Pullman Police Chief Gary Jenkins met with a handful of community members Wednesday evening to address privacy concerns regarding the installation of security cameras on College Hill.
“The intent of the cameras is to have an impact on violent crimes,” Jenkins said to the group of about 20 people.
The cameras will not be used to stop minor crimes such as littering or used to spy on students who may have had “one too many,” he said.
“We don’t have time to go after those things or even the interest,” Jenkins said.
He also said it’s unlikely the police will constantly monitor the cameras.
It is doubtful the cameras will be turned on all the time, he said. The only time they will be constantly filming is during weekend “peak hours,” and otherwise will be motion-activated.
Jenkins said it is likely they will only keep the security camera footage for about a week if there are no incidents.
“We don’t want to hold onto any video that’s not involved in an investigation,” he said.
Wednesday’s meeting took place at Stubblefields Bar and Grill in Adams Mall.
Before the meeting, DJ Goldfinger, the general manager of Stubblefields, said he had concerns that Adams Mall was the only location the police were considering installing the cameras.
“I don’t want people to read the paper and say that Stubblefields is a dangerous place,” Goldfinger said.
The meeting, he said, helped address some of his concerns.
He also said he was impressed that Jenkins led the meeting himself instead of one of his “underlings.” He said it showed that the chief of police really wanted to hear concerns of the public.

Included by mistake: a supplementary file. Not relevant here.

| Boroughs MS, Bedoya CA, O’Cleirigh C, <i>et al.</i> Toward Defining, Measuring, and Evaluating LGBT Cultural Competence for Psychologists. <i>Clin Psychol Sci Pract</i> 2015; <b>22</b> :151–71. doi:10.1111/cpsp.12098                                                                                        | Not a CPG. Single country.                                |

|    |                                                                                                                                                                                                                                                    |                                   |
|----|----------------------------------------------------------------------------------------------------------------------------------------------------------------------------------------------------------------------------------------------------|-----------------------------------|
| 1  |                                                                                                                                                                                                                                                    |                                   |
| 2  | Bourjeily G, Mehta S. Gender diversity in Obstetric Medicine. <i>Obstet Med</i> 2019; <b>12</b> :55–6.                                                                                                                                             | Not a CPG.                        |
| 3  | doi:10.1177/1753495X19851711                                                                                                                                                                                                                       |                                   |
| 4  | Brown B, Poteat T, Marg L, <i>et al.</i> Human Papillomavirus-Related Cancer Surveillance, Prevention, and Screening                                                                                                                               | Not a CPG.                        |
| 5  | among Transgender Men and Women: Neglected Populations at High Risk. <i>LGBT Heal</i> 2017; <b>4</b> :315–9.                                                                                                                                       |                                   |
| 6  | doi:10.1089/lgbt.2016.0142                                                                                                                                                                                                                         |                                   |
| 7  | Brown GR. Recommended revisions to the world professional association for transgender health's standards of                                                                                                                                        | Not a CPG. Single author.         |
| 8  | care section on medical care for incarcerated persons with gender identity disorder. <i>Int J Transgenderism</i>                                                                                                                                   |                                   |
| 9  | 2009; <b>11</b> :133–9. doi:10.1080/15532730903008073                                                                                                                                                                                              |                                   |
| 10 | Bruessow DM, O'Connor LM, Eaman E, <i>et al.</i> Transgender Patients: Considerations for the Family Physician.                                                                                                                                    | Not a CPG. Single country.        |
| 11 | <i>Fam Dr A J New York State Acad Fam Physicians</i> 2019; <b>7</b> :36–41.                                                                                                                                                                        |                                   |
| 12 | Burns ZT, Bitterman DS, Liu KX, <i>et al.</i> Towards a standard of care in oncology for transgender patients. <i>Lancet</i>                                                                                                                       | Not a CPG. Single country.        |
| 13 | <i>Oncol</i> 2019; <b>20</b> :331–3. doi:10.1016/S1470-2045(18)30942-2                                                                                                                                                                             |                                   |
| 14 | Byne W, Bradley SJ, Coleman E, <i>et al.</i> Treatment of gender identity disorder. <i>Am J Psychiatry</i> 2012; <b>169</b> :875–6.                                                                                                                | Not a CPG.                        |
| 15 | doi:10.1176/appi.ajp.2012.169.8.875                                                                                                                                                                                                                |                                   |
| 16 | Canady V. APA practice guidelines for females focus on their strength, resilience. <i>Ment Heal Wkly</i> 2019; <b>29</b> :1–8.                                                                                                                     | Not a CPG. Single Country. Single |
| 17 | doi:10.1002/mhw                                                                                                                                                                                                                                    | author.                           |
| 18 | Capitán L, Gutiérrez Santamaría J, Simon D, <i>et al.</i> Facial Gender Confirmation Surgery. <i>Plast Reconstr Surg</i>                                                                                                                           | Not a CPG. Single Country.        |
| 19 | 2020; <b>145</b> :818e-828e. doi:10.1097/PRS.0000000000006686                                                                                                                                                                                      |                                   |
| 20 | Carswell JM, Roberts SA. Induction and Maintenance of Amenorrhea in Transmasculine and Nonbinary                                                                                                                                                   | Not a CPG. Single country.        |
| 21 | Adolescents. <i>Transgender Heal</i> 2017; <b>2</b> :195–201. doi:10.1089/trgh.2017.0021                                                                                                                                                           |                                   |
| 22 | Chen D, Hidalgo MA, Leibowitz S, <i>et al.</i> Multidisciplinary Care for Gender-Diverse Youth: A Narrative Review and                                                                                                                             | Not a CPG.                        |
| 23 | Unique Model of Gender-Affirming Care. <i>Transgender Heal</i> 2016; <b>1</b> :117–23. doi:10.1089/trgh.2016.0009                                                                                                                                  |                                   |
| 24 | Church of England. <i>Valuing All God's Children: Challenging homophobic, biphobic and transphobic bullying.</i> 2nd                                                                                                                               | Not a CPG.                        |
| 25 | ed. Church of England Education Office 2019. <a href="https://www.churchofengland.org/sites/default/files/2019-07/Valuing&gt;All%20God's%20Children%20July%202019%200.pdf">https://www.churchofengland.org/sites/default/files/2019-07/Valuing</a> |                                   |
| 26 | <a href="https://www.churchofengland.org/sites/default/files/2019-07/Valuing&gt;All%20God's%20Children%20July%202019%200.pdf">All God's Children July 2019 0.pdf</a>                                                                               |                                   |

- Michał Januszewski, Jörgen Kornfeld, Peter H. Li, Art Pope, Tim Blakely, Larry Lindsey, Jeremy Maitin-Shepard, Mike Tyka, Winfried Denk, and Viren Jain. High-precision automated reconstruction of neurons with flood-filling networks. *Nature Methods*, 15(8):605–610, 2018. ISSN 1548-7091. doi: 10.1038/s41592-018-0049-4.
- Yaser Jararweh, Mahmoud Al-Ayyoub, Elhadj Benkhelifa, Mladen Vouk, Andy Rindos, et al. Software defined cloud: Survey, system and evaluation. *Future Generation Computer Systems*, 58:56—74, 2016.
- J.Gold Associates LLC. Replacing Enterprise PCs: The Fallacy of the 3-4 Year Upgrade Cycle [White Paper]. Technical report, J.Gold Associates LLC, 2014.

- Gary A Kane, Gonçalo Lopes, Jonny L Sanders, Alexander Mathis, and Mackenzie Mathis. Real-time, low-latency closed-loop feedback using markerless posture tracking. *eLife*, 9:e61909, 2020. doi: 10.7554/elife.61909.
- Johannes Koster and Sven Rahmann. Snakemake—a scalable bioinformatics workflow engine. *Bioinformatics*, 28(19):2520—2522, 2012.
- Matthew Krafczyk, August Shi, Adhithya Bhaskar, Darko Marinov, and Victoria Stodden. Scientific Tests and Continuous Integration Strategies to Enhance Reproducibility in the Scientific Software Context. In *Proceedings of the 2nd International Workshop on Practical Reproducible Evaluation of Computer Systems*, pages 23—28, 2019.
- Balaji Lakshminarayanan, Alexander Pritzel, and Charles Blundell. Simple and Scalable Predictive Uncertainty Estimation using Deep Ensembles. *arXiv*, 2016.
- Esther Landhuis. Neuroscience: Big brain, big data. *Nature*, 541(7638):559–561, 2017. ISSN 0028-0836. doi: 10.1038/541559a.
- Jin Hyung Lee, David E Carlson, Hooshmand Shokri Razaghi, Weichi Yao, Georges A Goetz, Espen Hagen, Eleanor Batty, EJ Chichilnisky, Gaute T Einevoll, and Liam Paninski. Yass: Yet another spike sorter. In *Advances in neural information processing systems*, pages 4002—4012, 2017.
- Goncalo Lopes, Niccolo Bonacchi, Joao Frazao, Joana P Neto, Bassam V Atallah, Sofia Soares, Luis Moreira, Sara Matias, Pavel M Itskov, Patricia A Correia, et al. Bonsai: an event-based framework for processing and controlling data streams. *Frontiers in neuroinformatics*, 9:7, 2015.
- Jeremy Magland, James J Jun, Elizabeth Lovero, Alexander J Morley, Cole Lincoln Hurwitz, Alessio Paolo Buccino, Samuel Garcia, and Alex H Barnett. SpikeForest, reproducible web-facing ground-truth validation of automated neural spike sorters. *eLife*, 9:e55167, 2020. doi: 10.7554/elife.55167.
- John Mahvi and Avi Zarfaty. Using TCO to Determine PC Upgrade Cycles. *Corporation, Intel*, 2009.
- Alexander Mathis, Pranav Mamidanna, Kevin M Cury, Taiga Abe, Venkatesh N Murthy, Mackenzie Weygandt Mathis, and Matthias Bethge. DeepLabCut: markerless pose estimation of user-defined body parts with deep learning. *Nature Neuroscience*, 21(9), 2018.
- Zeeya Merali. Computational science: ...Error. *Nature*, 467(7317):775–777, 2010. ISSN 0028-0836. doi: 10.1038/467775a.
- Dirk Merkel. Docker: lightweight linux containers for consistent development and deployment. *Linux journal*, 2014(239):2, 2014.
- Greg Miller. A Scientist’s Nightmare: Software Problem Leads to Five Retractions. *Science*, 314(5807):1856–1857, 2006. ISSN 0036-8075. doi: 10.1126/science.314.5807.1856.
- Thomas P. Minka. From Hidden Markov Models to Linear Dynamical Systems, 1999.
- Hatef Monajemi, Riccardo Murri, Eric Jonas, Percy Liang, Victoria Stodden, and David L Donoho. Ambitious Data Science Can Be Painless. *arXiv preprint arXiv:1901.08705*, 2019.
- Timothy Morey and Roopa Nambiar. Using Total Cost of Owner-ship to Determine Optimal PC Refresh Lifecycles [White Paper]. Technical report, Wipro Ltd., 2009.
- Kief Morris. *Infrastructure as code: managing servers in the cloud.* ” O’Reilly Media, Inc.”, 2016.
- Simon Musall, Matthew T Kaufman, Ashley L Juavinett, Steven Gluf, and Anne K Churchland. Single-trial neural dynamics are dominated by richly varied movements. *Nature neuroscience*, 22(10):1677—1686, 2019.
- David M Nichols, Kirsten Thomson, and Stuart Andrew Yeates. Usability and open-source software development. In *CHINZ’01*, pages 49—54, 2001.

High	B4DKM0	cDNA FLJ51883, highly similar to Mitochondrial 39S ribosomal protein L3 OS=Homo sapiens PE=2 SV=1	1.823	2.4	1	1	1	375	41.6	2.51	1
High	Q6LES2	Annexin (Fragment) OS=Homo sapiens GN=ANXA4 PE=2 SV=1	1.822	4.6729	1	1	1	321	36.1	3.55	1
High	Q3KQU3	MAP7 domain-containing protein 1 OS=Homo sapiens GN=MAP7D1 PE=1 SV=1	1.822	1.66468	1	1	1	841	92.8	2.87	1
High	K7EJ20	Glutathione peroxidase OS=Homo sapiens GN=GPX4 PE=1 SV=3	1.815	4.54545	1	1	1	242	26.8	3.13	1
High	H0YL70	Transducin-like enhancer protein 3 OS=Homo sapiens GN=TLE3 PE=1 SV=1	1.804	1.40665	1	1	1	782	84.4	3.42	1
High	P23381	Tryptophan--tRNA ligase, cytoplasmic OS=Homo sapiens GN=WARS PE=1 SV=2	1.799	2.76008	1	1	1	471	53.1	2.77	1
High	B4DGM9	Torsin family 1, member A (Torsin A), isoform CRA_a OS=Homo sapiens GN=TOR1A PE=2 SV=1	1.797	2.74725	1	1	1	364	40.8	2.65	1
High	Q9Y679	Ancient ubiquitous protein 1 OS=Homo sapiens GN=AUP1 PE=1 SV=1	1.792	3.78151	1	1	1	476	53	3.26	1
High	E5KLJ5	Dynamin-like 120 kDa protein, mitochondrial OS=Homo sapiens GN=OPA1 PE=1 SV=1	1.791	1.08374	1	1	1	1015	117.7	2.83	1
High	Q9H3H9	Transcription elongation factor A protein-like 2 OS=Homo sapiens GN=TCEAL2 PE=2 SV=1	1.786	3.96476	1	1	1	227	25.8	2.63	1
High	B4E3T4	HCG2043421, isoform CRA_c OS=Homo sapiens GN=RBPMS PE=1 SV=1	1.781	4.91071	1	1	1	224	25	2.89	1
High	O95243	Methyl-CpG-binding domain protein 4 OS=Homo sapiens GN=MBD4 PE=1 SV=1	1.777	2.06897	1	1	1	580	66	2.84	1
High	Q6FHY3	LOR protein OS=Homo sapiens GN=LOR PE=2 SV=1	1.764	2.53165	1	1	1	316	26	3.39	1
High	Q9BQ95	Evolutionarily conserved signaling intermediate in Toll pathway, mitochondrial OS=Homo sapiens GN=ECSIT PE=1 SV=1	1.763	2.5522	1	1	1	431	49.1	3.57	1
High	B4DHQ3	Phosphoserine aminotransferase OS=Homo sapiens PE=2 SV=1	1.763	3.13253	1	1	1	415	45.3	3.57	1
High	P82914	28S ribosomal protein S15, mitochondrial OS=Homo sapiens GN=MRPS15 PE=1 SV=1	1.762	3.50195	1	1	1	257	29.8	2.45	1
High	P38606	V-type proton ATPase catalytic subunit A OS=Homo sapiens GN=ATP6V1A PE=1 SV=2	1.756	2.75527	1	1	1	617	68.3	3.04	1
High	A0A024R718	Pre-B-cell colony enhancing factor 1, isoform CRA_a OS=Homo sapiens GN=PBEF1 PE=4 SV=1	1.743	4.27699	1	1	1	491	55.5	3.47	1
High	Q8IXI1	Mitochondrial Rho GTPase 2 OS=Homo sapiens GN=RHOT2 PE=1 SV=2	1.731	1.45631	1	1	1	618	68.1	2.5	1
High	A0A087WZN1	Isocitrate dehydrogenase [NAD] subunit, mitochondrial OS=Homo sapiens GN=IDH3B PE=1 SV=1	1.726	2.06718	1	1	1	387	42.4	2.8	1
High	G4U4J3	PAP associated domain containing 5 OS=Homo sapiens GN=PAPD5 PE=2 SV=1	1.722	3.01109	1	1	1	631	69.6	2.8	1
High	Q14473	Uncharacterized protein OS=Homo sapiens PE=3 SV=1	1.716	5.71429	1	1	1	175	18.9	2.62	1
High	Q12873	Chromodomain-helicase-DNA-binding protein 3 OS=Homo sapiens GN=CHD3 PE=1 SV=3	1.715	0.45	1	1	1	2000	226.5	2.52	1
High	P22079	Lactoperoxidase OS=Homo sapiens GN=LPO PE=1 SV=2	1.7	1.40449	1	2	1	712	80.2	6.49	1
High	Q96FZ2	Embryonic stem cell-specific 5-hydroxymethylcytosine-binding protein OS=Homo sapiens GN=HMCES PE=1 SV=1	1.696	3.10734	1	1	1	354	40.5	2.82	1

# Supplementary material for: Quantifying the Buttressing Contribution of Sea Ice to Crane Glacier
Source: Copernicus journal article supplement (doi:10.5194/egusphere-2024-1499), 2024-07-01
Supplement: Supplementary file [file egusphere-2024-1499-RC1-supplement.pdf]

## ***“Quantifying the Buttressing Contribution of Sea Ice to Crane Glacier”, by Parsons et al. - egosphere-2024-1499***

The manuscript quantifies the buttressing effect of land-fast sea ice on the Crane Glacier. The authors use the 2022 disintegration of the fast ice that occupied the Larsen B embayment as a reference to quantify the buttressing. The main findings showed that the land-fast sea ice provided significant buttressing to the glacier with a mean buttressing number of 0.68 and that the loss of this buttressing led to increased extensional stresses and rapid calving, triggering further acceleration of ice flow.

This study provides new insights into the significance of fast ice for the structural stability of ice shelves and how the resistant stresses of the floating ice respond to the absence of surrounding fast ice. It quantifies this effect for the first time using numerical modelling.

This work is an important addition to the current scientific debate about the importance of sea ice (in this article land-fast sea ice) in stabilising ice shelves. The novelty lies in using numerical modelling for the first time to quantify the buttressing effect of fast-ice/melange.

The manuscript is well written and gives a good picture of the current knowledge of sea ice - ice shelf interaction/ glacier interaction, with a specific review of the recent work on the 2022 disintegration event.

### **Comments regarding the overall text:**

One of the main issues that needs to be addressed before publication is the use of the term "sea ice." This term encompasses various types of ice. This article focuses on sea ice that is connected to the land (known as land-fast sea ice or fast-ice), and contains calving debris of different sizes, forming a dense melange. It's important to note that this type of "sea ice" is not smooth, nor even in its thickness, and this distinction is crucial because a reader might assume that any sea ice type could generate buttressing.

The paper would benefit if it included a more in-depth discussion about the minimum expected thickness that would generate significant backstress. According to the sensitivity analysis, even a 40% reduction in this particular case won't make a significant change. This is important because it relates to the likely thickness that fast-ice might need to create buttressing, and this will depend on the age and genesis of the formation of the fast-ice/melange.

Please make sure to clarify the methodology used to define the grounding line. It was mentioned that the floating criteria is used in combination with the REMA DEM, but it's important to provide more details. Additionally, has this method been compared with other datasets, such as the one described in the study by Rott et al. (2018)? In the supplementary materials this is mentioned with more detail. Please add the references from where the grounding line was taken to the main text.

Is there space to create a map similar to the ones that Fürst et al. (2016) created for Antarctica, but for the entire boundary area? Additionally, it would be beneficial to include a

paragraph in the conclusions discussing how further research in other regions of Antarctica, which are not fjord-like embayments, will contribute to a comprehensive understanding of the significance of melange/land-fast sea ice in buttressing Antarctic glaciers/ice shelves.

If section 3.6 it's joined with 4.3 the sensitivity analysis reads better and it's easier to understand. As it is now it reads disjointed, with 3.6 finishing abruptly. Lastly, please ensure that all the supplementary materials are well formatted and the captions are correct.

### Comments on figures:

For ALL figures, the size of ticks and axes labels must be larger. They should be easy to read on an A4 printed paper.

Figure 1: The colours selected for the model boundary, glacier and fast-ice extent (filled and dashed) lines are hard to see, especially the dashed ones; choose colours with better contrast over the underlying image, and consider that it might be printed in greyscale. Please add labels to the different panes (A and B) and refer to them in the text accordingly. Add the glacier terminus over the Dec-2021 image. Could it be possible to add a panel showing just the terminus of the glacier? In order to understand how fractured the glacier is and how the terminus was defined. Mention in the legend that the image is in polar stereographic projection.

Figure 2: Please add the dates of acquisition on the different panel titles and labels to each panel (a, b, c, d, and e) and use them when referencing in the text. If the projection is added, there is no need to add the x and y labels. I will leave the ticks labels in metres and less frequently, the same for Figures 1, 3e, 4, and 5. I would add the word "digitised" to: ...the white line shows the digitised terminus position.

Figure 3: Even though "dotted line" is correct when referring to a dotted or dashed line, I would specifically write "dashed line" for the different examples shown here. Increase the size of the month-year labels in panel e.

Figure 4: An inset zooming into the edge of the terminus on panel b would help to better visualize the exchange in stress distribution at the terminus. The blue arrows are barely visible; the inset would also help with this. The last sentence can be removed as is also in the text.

The funding for the cameras comes from a 2-year, $300,000 federal grant the Pullman Police Department was awarded last fall. Thirty-five percent of the grant money will go to the criminal justice department at WSU for research and data analysis, according to documents provided by the Pullman Police Department.
Zachary Hays, an assistant professor in the Department of Criminal Justice and Criminology who will work on the research requirement of the grant, said they are still looking at potential locations and no decisions have been made yet.
As a part of the grant research, Hays said, they will survey students and residents of College Hill before any location is finalized.
Overall, Goldfinger said he did not think the cameras will have an impact on his business.
“The people who’ve been here before — it won’t bother them,” he said.
Goldfinger also said there are more than 17 cameras in Stubblefields that are in place to help keep customers safe.
Sometimes, he said, police request their security footage to help investigate incidents that may have originated inside the bar. He said he always cooperates with their request.
“We’ve always been open to give those videos up,” Goldfinger said.
The event was hosted by the College Hill Association, a private non-profit organization that usually focuses on quality of life issues such as littering, said Allison Munch-Rotolo, a Pullman community member and a co-chair of the College Hill Association.
The association recognized that the cameras will likely be placed in the neighborhood and they wanted to offer residents an opportunity to ask questions and voice their concerns, she said.
Munch-Rotolo said she thought the cameras may help to deter bad behavior.
“I do have some privacy concerns but I don’t feel that I will be personally impacted by camera placement,” she said.
Jenkins said there will be two more public meetings this spring semester. The next one will be on Feb. 8 at 7 p.m. in the City Council Chambers.